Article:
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Hey,

I've got three characters in my book who have been in an accident and have injuries. For plot reasons, I know how bad their injuries are but I'm looking for help figuring out exactly what the injuries could be for how long they have to be in the hospital, etc.

Is anyone a doctor or nurse or have a lot of knowledge in this area? Could I email you offline?

Thanks very much.
#1 - September 16, 2013, 04:26 PM
Samantha M Clark
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THE BOY, THE BOAT, AND THE BEAST (Paula Wiseman Books/Simon & Schuster)

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Oh, and another thing I need to figure out, on a more technical side, is something that could stand in for a patient with heart monitors, i.e. a patient is moved and the heart monitors need to show that he's still there. Do CPR dolls have heart beats that could be picked up by a monitor?

Thanks again!
#2 - September 16, 2013, 04:28 PM
Samantha M Clark
http://SamanthaMClark.com
THE BOY, THE BOAT, AND THE BEAST (Paula Wiseman Books/Simon & Schuster)

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CPR dummies don't have heart beats. The dummies they use in nursing schools (as fake patients) don't have heart beats, blood circulation, etc. either, but the computer generates situations for the students. So for ex., the instructor might program in someone to have bradycardia, so the monitor shows the appropriate monitor readings--but nothing's really going on with the dummy.

If I were going to stage a hospital break and had to keep my monitor going, I'd a) hook it up to the comatose guy in the next bed, or b) find a broken one. Maybe your pt. overheard a nurse complaining about the malfunctioning unit, which she then put in the hallway with the cord wrapped around it. Your pt. could snag it and substitute it for his/her own monitor.

Hope that helps.
#3 - September 16, 2013, 05:11 PM
Learning to Swear in America (Bloomsbury, July 2016)
What Goes Up (Bloomsbury, 2017)
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Not technical help, but if I wanted to escape from ICU, I'd turn off the alarm while the monitor tech is flirting with a nurse. (Don't forget, the patient on a monitor would have an IV.)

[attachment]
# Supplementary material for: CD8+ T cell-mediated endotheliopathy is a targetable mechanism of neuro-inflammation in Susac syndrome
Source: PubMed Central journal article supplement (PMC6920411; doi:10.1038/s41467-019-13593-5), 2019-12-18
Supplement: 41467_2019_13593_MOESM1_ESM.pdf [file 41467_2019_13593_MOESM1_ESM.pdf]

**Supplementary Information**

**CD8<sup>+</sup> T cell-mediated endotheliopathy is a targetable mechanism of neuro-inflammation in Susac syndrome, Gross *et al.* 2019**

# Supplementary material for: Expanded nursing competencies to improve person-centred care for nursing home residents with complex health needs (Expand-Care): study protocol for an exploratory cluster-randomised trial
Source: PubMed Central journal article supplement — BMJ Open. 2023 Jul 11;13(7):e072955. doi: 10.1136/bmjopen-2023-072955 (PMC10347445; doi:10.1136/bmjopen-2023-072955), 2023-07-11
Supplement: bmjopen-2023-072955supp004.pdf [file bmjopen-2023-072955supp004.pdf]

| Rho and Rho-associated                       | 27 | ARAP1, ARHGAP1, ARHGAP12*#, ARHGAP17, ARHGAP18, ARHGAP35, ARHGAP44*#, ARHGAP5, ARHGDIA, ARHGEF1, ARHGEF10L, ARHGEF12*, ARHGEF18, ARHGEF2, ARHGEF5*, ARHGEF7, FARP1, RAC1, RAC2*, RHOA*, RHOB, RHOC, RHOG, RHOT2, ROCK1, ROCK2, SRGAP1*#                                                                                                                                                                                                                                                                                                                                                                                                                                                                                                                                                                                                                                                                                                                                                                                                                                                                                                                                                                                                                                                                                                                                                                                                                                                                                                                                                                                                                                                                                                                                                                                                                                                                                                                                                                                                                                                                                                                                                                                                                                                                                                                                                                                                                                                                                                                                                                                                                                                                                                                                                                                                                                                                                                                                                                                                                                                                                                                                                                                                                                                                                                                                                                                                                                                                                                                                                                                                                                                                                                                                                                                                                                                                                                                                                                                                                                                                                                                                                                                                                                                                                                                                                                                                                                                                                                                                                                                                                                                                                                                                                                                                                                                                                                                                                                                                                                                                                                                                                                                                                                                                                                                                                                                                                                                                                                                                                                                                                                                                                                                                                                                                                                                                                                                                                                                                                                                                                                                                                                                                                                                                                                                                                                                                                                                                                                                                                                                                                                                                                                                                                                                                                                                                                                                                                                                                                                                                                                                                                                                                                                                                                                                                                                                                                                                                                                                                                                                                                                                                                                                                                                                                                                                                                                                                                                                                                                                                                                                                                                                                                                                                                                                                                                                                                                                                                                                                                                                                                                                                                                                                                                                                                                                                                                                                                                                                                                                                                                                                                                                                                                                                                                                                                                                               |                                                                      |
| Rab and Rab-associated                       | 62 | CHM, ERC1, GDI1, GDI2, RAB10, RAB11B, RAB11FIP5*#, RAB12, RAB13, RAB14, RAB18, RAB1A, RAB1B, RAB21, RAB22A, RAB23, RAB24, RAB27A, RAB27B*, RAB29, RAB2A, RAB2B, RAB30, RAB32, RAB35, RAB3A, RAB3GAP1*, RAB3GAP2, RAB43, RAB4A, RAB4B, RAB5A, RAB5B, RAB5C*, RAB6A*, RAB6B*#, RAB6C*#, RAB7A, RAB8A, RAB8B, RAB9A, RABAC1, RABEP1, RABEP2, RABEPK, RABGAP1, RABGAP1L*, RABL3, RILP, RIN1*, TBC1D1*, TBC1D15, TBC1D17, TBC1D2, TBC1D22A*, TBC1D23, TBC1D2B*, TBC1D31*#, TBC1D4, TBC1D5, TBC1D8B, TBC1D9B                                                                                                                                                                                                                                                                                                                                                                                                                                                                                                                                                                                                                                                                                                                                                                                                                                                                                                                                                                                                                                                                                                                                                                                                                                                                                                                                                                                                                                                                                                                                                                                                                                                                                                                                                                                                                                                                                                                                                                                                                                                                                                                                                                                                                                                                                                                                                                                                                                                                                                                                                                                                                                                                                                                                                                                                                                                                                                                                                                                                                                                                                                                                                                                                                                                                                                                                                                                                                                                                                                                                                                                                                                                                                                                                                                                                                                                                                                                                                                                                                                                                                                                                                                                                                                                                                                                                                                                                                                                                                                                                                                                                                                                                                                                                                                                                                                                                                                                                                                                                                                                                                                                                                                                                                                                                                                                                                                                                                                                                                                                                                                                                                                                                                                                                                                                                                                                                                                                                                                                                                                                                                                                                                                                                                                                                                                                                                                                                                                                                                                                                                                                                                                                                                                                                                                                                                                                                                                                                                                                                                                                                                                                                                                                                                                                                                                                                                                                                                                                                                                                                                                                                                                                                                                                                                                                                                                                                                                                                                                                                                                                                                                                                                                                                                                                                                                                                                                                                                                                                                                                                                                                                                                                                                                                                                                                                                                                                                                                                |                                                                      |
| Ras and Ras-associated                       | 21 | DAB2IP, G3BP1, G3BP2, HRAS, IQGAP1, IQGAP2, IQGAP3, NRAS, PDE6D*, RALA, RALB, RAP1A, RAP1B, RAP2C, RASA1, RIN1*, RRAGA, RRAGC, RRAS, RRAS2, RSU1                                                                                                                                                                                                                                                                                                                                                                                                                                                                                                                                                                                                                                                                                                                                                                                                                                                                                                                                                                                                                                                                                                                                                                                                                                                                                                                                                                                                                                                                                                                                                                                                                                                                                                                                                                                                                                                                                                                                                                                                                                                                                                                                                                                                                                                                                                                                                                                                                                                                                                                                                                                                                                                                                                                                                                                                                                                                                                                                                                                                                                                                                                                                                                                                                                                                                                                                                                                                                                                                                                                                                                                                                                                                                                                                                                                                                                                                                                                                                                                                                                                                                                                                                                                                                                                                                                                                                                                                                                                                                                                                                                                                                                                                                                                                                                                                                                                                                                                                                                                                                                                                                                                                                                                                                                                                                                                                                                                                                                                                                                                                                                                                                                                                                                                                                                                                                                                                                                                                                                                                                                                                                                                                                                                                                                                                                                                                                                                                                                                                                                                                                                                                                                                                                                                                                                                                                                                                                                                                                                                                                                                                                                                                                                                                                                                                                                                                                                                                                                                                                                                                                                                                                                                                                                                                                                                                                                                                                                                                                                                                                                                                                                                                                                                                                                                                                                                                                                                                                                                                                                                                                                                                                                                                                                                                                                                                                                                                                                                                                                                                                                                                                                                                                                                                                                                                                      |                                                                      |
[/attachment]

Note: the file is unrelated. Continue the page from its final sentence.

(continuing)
#4 - September 16, 2013, 06:25 PM
PAINLESS (Albert Whitman 2015)
BLOOD BROTHERS (Delacorte 2007)

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I worked ICU for years. It would be hard to escape from an ICU where the patient is seen/sensed with many eyes and machines plus the admission policy invariably indicates that the patient is sick enough to warrant being there. Maybe if it was a really crappy unit, but more mistakes happen in emergency rooms. 

A lot of stuff happens in ERs...nightmarish...yikes. My policy is never leave a loved one alone in an ER. After an auto accident I lay in a ER room with only a curtain pulled around the bed. I was strapped to a back board wearing a neck brace totally at the mercy of all when someone crawled under the curtain. I sensed movement, and I yelled, "What the h*!! are you doing?"  A man stood and sheepishly asked, "Can I have this chair?" He scared me half to death. I thought I was about to be sexually assaulted.

 Slapping the electrodes on another patient might work if it was an open ER unit with  curtains. Monitors are usually attached to walls. A big distraction such as a patient crashing (or multiple patients) at one time or the arrival of  many victims from a crisis (explosion/multiple car accident) might give the opportunity to escape.

The tv show ER was very realistic, and I used to watch it to see if they would make mistakes. Their protocols were very good. You could watch an episode and plot your MC's escape. Another suggestion is to talk also to an ER physician (specialist) from a local hospital to get real info of length of stays and treatment. Good luck...fun stuff. Really. I love it.  :fireworks


#5 - September 17, 2013, 04:58 AM

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Oh, I was visualizing a pt. trying to escape from a room on the floor, not from ICU or the ED. Yeah, it would be impossible to escape from ICU. If the pt. is on the floor, though (in a regular room), they wouldn't necessarily be hooked up to an IV while they're on a cardiac monitor. They'd be using one of those freestanding wheeled cardiac monitors (like the traveling BP stands) to keep track of heart rate. It would be plugged into the wall, but not part of the wall.

But that would be after your pt. has started his/her stint at the hospital.

If it's a grab-and-run, and you don't need to escape detection for long, you could simply stage a diversion in an ED (emergency dep't)--easy enough to do--and take off. You could even hijack an ambulance--the ambulance bay would open directly into the ED.

This is fun. Now I want to break out of a hospital.  :jail
#6 - September 17, 2013, 06:56 AM
Learning to Swear in America (Bloomsbury, July 2016)
What Goes Up (Bloomsbury, 2017)
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If they're just wearing a pulseOx, which is the thing that they clip onto your finger that reads your pulse and blood oxygen saturation, AND if they aren't a critical patient who needs to be monitored closely, they probably can just take it off. I've been in ER's a few times where I ended up taking them off, lol - and no one really cared. They didn't even comment as far as I can recall. If it's busy and their injuries don't really affect heart/blood/breathing, you're okay.
#7 - September 17, 2013, 07:32 AM
« Last Edit: September 17, 2013, 07:36 AM by Lwrites »

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